This film is the youngest on our list but stars James Caan, and Kathy Bates cemented its place on any movie buff’s playlist. Made in 1990, this Rob Reiner film adapted Stephen King’s novel of the same name. Caan plays novelist Paul Sheldon, who winds up in a car accident, nursed by super-fan Annie Wilkes. Most of the film centers around these two characters. Annie tries to control Paul, who desperately tries to find a way out of his predicament. This story explores the depths of obsession and what happens when it becomes all-consuming. Intense, suspenseful, and character-driven, Misery will fill you with horror, even without ghouls and goblins.

House of Wax (1953)

The 2005 update of this movie was really bad, relying too much on shock and gore and making the villains deeply uninteresting. Do not let any preconceived notions you may have because of the remake spoil the 1953 version (or the 1940 original, for that matter). The 1953 version can be found in color, and stars Vincent Price as Henry Jarrod, a wax sculptor whose art and mind are twisted by his business partner. Filled with a desire for revenge and perfection, Price’s intellectual Jarrod makes a creepy anchor to a film with a solid mystery and interesting 3-D effects. Fun fact: The director of the film was blind in one eye, so he couldn’t see the 3-D he was making.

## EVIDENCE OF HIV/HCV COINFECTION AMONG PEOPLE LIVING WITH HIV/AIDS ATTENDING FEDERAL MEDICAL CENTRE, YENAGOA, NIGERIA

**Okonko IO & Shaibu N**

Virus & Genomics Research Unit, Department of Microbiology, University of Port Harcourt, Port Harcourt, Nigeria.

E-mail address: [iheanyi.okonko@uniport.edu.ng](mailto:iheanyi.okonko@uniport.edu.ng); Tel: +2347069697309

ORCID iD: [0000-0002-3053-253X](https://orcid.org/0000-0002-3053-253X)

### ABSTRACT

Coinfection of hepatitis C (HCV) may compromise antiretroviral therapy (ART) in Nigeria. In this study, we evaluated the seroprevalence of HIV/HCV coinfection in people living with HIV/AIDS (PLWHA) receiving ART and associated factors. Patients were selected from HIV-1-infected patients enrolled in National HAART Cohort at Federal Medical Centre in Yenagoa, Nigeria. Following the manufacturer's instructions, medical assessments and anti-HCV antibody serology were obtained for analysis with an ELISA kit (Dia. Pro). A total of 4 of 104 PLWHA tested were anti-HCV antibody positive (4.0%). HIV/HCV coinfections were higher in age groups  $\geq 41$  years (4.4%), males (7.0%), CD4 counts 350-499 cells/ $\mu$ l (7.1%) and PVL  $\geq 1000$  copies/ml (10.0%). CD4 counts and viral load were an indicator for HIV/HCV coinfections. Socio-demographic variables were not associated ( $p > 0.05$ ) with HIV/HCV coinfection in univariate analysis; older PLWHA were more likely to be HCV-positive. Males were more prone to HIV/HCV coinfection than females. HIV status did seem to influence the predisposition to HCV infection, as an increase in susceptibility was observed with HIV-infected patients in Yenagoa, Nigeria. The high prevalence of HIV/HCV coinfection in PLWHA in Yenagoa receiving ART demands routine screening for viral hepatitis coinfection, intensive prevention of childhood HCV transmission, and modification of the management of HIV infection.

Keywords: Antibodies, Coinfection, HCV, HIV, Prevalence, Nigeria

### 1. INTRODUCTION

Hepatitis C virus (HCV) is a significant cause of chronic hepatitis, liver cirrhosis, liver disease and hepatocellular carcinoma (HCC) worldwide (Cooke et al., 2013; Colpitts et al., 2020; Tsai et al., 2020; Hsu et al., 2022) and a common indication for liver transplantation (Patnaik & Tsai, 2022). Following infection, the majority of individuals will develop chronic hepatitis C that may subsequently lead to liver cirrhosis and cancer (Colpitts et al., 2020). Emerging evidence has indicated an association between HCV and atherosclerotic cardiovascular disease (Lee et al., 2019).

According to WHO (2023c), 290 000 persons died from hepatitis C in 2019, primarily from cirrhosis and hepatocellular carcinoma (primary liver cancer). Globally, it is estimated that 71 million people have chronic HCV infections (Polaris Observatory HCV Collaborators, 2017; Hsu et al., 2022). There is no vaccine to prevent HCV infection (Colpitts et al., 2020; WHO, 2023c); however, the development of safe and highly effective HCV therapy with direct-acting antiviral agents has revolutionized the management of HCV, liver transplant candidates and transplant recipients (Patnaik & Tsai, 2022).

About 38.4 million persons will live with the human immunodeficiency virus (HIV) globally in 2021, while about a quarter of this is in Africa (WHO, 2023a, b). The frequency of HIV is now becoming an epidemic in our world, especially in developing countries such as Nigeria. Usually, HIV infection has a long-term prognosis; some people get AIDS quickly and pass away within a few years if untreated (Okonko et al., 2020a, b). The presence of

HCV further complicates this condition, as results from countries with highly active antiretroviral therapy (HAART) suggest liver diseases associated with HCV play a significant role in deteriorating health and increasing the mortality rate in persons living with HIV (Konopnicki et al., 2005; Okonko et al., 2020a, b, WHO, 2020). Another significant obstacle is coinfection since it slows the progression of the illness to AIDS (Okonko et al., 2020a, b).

The Pit and the Pendulum

While Edgar Allan Poe’s stories have been adapted many times over the years, there was a While Edgar Allan Poe’s stories have been adapted many times over the years, there was a string of versions in the early 1960s, which are a fascinating glimpse into the world of low-budget horror. Many of them, including this one, starred Vincent Price. Six were made in total, and this was the first. To expand the short story into a full-length movie, much was added.

The Pit and the Pendulum features gothic tropes and the Spanish Inquisition (who would have expected that?). It plays on the fears of re-living the past, becoming everything one hates, and fearful obsession. It has fantastic imagery and the kind of enjoyable hammy acting that makes this movie good for laughs and for tensions. All six are worth checking out, though some of them are better for a laugh than a scare.

The Shining